jueves, 26 de noviembre de 2015

Towards a hermeneutic reading

The text, whatever it may be, presents itself before us as an enigma to decipher: as a dynamic, unfinished process in which the participation of the decoder is essential. The texts is fulfilled in the amorous act with its receiver, however, in order for this to occur, the receiver has to work towards comprehending the text. (Prado 26)

On Memorias de Idhún by Laura Gallego:

Researcher: When you were reading, where did you feel you were?

Xóchitl (13 years old): With the characters; I felt I was Victoria, something like that. And then, well, I did feel I was inside the story, I did, watching all that happened.

When we started our research work we asked ourselves what kind of reading we would like to foster throughout the workshops with the two secondary schools. Clearly, the idea was to detect and study the changes in the practices and reader responses of young people in Mexico during the last 25 years, but it was also evident that we did not want to promote the memorization of content nor repeat the canon or schooled teaching which has its own place and is obligatory. We wanted to offer a space of freedom, a site for “jouissance”, a pleasurable, co-creative reading and to encourage a group of commentators who, within a climate of respect and interest, sought to look at the texts critically and in depth, something that meant reading beyond the explicit and also to share possible interpretations which were supported by the text itself. This is an activity that implies an act of appropriation that includes the resonance of readings in their personal world as well as the linking of what is found within fiction with the world that surrounds them. It is because of this that we approached hermeneutics as an interpretative art and exercise that in its process enriches the interpreter.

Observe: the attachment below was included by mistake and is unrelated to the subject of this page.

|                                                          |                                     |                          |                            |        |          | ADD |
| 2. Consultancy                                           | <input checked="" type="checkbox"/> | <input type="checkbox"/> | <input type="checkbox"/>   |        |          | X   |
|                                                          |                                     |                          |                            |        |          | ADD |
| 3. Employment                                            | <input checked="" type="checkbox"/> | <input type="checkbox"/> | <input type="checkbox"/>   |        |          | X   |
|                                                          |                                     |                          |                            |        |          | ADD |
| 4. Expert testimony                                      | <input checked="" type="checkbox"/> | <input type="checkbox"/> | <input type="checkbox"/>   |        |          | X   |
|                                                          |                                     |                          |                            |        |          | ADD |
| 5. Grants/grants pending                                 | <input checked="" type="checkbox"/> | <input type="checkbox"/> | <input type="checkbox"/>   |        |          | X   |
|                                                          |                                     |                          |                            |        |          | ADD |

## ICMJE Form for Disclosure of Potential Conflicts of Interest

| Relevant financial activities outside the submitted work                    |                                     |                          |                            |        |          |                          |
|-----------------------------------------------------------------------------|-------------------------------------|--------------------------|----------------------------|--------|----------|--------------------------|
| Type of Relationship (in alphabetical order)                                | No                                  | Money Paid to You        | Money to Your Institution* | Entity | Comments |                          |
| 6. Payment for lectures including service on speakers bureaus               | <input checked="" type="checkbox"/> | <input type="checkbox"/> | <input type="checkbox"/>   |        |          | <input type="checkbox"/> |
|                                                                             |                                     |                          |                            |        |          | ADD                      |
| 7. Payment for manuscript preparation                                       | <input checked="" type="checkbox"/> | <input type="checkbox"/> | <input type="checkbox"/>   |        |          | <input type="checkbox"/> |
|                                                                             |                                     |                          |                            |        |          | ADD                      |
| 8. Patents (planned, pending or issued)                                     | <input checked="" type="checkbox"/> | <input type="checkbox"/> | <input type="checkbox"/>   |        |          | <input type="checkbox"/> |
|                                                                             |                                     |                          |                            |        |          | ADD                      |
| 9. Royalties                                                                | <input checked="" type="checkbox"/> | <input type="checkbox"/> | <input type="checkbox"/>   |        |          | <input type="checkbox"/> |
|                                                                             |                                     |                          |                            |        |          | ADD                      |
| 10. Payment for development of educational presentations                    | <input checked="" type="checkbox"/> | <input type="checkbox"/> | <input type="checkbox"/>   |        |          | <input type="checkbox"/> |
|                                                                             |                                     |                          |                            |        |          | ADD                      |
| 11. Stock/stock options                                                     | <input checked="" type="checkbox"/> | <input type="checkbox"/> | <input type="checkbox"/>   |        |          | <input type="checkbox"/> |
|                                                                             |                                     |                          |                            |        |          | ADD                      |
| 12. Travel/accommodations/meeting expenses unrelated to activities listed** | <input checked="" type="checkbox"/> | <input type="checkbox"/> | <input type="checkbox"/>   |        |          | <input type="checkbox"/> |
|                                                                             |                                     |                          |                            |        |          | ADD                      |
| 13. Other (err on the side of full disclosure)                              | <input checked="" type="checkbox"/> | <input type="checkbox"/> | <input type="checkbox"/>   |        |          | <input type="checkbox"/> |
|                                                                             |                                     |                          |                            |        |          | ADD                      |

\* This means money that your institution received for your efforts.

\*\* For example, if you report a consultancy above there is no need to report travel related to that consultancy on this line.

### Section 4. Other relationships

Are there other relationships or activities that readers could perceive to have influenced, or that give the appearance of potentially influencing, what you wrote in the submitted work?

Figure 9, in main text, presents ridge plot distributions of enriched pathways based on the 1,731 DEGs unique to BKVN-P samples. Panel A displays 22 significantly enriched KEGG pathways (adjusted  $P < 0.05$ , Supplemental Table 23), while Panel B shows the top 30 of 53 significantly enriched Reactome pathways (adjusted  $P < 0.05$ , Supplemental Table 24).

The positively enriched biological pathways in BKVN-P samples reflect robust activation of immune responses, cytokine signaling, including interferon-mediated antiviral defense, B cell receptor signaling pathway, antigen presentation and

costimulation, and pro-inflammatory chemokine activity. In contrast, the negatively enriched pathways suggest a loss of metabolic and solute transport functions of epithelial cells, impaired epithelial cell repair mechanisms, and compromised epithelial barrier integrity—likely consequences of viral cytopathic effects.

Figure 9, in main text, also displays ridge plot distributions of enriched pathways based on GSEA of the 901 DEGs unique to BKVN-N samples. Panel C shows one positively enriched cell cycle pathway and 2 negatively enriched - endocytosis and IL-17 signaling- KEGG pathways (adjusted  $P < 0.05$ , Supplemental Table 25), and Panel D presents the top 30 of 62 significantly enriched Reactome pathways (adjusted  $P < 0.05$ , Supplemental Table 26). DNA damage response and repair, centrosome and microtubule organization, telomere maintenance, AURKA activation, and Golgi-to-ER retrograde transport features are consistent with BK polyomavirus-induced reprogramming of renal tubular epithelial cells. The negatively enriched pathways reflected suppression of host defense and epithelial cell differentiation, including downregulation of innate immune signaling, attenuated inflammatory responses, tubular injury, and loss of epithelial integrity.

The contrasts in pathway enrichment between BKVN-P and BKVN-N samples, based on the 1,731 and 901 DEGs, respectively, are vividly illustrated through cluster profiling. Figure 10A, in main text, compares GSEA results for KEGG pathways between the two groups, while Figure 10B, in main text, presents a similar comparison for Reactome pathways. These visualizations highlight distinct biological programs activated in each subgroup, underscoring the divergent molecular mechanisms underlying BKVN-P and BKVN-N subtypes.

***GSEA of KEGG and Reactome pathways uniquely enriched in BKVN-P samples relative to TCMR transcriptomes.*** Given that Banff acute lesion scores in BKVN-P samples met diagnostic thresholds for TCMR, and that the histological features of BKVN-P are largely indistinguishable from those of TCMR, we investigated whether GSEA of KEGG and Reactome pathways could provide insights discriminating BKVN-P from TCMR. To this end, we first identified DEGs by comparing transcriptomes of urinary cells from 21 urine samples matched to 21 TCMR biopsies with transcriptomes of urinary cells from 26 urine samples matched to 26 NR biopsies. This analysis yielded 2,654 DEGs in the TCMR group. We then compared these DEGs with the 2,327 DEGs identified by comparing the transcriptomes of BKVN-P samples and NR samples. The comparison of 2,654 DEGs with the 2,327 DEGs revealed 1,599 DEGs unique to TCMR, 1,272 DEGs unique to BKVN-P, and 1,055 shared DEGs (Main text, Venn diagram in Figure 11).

With the aim of favouring the process of analysis, comprehension, interpretation, auto-reflection and the linking of the text with the world (Prado 34), we worked with questions that were generative, following the idea that “each question we raise in respect to the text that we are going to interpret is a question about its meaning. The meaning of a text will derive from an enquiry about its composition, that is, the form, the history, the experience of reading and the auto-reflection of the interpreter.” (Valdés 64)[i] We therefore selected those questions which would help in looking towards a hermeneutical reading and reflection, questions that, in the case of the selected graphic novel and the picturebook, included pictographic or iconotextual reading. These generating questions were graduated in order to go step by step.